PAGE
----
In this paper, I argue that two distinct mechanisms are needed to account for the pattern of noun-adjective agreement in Noon (Cangin, Senegal). Adjectives in Noon exhibit two types of agreement. First, they take a prefix that encodes the class and number of the noun they modify. Second, attributive adjectives must agree in definiteness with the noun they modify. Nouns and adjectives take an identical definiteness suffix that marks by a suffix on the the head noun’s class/number along with three degrees of deixis. The class/number prefix is obligatory for both attributive and predicative adjectives, while the definiteness suffix is available only for attributive adjectives. Previous work presupposes that the same mechanism derives noun-modifier agreement (concord) and argument-predicate agreement: usually a modified version of Chomsky’s (2001) Agree. However, others have argued that noun-modifier agreement is morphological in nature and should be derived post-syntactically (Norris 2014). Here, I argue for a split approach: prefixal agreement on Noon adjectives is derived by valuation of Phi-probe on a, while another is derived via a post-syntactic process of Feature Copying.

P-Interest Workshop Meeting today at noon

Join the P-Interest group today (10/3) at noon in the Greenberg Room, where Sunwoo Jeong will present the results of her first QP, “Iconicity in Suprasegmental Variables: The Case of Archetypal Hollywood Characters of the 1940s-50s”. Abstract:

Films are potent vehicles that not only reflect common linguistic practices, but also create new social meanings for linguistic variables and actively shape dominant language ideologies of the era. This was especially the case for films made during the Golden Age of Hollywood in which several distinctive film genres, featuring highly stylized female characters, emerged as important cultural phenomena: femme fatales in film noir, independent brunettes in screwball comedies, and dumb blondes in musical comedies. This paper argues that systematic variation in suprasegmental linguistic cues like pitch, prosody, and voice quality was employed by the actresses to index the three prominent archetypes mentioned above, and more importantly, that the realizations of these variables were not arbitrary in that they created an iconic tie with the archetype that they indexed. Combined with other cinematic devices that fortified this iconic relation, the underlying ideologies behind these linguistic variables were more easily naturalized, resulting in wider dissemination.

The supporting evidence for this argument comes from an in-depth analysis of pitch and voice quality variables of the three archetypes in 15 films. Actresses and films that were highly representative of each archetype/film genre (e.g. Barbara Stanwyck as an iconic femme fatale), as well as actresses that portray multiple archetypes across different films (e.g. Marilyn Monroe as a dumb blonde in Gentlemen Prefer Blondesvs. a femme fatale in Niagara) were maximally chosen. Utterances with no background noise were exhaustively extracted from each film, and relevant acoustic features (maximum F0, minimum F0, F0 standard deviation of each utterance and H1-H2 of each vowel) were measured.

A series of mixed effects models shows that the dumb blonde is characterized by significantly higher pitch, higher F0 standard deviation, and breathy voice; the femme fatale by lower pitch, lower F0 standard deviation and breathy voice; and the independent brunette by lower pitch, higher F0 standard deviation and modal to creaky voice. Such systematic stylistic differentiation is reliably observed both within a single actress portraying different archetypes and also across multiple actresses, demonstrating that the variation is transparently realized both at the level of intra-speaker and inter-speaker variation.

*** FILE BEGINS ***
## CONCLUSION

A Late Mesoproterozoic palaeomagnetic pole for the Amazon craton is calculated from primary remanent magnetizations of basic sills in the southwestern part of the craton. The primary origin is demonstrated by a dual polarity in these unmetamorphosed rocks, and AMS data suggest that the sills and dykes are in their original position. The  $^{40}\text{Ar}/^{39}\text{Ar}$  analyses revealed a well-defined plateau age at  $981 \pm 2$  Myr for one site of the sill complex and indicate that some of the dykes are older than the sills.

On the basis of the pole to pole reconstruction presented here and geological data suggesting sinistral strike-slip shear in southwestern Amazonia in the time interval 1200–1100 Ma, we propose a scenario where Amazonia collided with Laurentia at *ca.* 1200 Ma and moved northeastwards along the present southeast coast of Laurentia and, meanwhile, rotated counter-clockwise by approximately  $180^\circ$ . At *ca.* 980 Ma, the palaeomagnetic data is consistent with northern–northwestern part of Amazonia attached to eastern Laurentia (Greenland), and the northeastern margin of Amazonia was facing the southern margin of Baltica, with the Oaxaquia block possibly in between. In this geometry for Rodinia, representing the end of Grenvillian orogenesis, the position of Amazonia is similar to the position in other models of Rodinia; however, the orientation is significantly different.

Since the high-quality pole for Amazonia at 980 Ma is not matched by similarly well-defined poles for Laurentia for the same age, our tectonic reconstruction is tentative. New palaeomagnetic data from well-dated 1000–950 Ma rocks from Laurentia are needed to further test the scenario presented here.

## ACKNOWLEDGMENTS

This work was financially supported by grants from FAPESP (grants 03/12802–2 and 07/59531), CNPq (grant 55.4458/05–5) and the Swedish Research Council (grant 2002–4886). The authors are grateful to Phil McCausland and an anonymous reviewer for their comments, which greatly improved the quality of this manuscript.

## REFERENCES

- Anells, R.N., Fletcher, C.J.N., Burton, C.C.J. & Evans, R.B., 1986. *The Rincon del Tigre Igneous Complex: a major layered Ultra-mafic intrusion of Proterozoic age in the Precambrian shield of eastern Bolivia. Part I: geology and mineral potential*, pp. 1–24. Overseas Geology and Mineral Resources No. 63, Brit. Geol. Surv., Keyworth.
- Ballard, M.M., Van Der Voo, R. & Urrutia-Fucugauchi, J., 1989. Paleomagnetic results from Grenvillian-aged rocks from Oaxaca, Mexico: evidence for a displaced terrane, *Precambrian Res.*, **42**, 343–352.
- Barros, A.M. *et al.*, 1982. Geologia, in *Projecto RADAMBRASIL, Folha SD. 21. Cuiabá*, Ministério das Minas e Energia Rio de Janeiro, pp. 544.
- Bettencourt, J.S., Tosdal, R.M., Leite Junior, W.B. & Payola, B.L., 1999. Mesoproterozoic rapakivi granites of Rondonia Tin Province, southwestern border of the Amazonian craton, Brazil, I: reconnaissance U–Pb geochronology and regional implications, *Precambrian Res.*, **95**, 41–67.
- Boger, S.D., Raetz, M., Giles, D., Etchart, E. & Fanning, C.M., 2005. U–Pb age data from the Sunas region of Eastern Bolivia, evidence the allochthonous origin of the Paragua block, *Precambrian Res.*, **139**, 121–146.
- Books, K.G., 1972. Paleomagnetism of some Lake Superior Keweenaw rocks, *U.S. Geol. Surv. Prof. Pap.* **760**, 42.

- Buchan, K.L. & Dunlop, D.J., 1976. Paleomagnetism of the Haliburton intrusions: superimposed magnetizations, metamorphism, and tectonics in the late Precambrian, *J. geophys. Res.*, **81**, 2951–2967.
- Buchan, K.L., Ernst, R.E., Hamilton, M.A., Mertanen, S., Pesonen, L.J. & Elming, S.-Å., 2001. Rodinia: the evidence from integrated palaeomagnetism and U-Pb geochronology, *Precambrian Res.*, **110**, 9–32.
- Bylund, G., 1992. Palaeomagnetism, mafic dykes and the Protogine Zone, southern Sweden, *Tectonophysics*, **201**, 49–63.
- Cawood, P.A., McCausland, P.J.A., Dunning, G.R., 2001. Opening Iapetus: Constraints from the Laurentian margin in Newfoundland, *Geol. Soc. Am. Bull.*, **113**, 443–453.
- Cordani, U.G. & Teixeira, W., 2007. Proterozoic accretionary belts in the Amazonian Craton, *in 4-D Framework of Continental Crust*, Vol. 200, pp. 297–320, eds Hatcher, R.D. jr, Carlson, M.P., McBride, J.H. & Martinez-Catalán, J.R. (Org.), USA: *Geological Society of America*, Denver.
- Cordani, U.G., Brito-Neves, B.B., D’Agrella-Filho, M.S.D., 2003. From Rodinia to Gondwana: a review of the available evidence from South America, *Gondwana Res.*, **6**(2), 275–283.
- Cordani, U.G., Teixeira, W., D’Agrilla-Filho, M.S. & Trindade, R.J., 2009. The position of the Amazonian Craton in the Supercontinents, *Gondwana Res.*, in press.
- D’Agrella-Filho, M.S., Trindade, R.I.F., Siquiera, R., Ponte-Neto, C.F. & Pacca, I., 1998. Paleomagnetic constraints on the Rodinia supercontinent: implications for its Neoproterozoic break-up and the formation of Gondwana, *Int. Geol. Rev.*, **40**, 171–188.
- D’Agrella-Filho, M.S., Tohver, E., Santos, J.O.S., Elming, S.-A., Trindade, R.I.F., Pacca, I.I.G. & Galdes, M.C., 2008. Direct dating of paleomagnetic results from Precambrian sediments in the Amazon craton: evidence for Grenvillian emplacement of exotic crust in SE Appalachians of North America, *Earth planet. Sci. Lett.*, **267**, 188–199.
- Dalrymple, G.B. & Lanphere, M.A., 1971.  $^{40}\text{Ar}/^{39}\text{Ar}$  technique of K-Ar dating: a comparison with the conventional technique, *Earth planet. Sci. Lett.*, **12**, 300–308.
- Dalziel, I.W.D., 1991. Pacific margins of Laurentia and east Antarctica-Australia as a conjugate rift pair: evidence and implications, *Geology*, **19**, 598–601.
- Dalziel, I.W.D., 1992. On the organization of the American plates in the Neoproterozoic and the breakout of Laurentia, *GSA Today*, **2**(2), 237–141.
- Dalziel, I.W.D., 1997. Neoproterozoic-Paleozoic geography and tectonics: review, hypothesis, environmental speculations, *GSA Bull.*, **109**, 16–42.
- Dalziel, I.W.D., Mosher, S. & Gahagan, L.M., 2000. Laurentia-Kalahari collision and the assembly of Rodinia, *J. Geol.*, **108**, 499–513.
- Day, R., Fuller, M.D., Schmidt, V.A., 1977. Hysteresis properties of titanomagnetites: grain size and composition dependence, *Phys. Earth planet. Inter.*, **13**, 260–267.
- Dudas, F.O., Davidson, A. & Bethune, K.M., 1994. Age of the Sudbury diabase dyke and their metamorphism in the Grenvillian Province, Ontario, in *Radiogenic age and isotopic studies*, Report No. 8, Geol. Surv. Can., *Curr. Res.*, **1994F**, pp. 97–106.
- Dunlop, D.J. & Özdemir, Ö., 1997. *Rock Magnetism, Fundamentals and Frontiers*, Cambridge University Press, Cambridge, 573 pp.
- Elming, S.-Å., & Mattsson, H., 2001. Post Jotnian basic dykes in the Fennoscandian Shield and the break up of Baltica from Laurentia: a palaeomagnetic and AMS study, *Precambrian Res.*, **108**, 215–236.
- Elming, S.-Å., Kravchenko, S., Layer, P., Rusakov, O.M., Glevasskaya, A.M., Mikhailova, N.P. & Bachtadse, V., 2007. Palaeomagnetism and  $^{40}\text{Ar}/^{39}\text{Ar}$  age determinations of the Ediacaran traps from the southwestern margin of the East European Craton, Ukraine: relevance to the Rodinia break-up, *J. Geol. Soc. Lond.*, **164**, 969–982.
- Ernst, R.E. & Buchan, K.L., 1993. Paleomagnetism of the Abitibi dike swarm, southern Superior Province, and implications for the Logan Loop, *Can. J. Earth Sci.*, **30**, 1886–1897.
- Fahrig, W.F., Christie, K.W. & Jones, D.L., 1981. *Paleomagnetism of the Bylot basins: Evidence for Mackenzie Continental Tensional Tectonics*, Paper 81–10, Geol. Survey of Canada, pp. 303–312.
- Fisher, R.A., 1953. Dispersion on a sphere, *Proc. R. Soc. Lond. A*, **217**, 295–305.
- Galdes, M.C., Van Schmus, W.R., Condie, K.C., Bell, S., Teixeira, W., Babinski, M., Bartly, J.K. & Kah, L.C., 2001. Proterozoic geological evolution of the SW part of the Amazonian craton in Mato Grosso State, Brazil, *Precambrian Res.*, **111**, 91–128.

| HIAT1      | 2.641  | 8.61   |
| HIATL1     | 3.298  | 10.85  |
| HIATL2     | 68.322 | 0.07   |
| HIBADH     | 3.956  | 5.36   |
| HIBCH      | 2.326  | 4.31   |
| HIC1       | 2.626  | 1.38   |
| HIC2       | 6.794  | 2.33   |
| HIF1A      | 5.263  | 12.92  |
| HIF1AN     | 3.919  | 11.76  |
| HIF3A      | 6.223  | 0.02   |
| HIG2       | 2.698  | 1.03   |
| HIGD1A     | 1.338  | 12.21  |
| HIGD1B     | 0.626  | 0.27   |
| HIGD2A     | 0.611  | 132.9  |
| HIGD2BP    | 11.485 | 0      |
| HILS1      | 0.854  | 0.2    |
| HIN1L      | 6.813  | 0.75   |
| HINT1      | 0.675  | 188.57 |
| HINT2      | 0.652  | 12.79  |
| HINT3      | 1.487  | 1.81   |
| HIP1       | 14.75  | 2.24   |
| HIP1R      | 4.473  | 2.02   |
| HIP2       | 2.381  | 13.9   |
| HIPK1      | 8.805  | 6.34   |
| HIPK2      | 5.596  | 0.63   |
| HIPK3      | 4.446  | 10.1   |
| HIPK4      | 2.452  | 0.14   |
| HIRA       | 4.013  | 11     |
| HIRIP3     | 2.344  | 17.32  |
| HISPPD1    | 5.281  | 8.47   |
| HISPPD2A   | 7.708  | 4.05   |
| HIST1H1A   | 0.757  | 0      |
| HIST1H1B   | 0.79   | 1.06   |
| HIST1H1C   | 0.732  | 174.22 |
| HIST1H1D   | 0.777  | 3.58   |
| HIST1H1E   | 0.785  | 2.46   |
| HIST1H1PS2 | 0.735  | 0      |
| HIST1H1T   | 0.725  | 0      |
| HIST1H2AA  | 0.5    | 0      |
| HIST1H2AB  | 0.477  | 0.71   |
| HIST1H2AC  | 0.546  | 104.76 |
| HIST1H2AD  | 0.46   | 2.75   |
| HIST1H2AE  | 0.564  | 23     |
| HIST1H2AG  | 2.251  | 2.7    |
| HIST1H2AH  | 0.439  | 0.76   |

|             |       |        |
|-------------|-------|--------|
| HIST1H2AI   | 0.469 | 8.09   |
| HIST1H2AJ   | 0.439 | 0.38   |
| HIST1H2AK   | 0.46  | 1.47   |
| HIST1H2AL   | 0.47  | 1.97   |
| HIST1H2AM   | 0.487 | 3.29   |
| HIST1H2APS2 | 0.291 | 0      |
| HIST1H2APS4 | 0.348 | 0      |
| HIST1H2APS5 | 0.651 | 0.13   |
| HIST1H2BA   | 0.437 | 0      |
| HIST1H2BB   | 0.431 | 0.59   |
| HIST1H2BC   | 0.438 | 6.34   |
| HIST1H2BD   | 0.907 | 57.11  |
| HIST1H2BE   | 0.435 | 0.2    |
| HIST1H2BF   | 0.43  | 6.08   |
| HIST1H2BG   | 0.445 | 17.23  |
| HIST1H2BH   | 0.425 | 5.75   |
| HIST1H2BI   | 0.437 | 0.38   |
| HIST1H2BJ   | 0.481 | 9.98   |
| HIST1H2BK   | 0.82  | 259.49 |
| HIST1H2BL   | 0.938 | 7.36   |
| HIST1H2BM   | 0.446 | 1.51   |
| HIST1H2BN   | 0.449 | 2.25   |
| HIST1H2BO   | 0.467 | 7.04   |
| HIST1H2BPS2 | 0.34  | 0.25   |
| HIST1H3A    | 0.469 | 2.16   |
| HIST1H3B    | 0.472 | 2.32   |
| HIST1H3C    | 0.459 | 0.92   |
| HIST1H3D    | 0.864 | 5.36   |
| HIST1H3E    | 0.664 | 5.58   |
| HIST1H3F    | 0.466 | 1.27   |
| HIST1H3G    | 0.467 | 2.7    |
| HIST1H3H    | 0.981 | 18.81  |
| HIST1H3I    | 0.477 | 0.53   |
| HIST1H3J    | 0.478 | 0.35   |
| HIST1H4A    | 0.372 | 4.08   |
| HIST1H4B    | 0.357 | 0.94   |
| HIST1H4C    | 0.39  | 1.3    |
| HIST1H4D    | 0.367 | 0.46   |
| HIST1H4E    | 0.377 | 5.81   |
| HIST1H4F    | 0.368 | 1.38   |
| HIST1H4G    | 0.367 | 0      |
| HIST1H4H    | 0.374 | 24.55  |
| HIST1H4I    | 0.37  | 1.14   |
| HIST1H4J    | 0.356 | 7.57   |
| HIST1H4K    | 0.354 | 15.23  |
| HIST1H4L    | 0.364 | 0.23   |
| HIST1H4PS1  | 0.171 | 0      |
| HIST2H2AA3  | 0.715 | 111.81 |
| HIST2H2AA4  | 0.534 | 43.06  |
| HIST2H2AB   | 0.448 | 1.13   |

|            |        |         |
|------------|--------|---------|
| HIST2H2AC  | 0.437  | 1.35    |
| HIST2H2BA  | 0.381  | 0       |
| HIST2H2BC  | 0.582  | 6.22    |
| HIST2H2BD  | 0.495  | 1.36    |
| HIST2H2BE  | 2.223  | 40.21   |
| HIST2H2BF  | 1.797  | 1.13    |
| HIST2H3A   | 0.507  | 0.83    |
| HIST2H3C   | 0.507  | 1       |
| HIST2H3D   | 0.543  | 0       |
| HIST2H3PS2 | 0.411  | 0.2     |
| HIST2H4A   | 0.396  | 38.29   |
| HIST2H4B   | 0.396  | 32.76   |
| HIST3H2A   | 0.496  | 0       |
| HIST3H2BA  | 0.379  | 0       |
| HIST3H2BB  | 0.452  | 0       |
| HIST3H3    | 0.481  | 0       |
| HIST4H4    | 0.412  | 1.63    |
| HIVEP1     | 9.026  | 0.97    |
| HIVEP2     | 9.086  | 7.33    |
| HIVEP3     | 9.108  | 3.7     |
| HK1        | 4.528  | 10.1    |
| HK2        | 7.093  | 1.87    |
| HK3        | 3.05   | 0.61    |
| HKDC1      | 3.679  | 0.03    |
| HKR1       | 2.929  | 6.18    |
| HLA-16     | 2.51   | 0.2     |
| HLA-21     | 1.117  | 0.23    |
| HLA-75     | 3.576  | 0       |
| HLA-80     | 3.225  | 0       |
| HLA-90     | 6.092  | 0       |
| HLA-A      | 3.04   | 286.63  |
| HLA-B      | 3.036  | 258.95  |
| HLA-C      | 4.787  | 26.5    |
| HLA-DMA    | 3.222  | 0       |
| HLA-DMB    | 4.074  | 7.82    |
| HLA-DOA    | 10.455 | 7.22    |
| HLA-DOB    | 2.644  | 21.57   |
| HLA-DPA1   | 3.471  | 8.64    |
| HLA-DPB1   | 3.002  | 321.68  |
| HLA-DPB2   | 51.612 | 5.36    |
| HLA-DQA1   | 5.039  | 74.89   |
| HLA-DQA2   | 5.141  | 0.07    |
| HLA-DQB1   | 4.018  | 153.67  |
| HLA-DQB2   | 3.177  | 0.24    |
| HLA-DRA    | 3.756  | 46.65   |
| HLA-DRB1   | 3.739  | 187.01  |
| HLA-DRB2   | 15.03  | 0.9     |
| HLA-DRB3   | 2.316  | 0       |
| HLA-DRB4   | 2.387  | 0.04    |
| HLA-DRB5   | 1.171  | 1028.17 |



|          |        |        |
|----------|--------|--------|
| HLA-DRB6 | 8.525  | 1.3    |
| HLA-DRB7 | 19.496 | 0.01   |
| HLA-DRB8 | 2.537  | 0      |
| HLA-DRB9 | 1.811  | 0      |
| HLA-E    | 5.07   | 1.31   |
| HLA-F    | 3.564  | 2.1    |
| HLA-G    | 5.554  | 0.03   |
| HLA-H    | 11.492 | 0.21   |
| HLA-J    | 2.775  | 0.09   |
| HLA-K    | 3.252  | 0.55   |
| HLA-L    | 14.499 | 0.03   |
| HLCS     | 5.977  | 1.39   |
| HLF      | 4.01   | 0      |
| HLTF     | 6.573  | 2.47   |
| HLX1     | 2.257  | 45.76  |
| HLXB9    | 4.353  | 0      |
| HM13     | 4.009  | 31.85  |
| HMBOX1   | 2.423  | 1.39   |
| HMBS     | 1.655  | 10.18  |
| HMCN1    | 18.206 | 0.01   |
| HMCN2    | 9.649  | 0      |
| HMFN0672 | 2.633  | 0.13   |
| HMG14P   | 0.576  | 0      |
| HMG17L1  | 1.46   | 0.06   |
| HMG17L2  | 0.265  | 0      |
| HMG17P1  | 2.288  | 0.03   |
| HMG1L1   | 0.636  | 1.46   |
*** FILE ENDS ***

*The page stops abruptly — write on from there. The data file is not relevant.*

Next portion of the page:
Crucially, the quantitative analyses mentioned above combined with qualitative analyses of pitch contours and spectrograms, show that the variables iconically represent the archetypes themselves. For example, the femme fatale resorts to intensity rather than pitch variation to convey emphasis (although pitch is typically the most prominent linguistic cue for stress), and this usage of non-normative acoustic cues reflects her transgressive character. Also, her strikingly monotonous and horizontal intonational contour without a natural declination pattern iconically reflects her composed, unperturbed nature and strengthens the angular compositions and somber, monochromatic imagery of the film noir. Linguistic variation is situated within the broader semiotic system of the film, and the implicit ideological message it conveys is fortified by the film’s imagery, facilitating its propagation as easily accessible stylistic resources.

Meaningful Lunch Tuesday (9/30) at 11:45 AM

Everyone with an interest in semantics is invited to Meaningful Lunch — an intermittent informal lunch meeting for all those at Stanford working on or interested in the study of natural language meaning, broadly construed!

The main purpose of these lunches is to keep everyone informed about current or nascent semantic-y research that is going on, scout out possibilities for collaboration, learn about plans of semantics-related events for the academic year, and generally have a good time in the company of your fellow meaning-folks.

This quarter’s lunch will take place on Tuesday, September 30, from 11:45am-12:50pm in Room 126 on the ground floor of Margaret Jacks Hall. Lunch will be provided.

Do come for some or all of that time!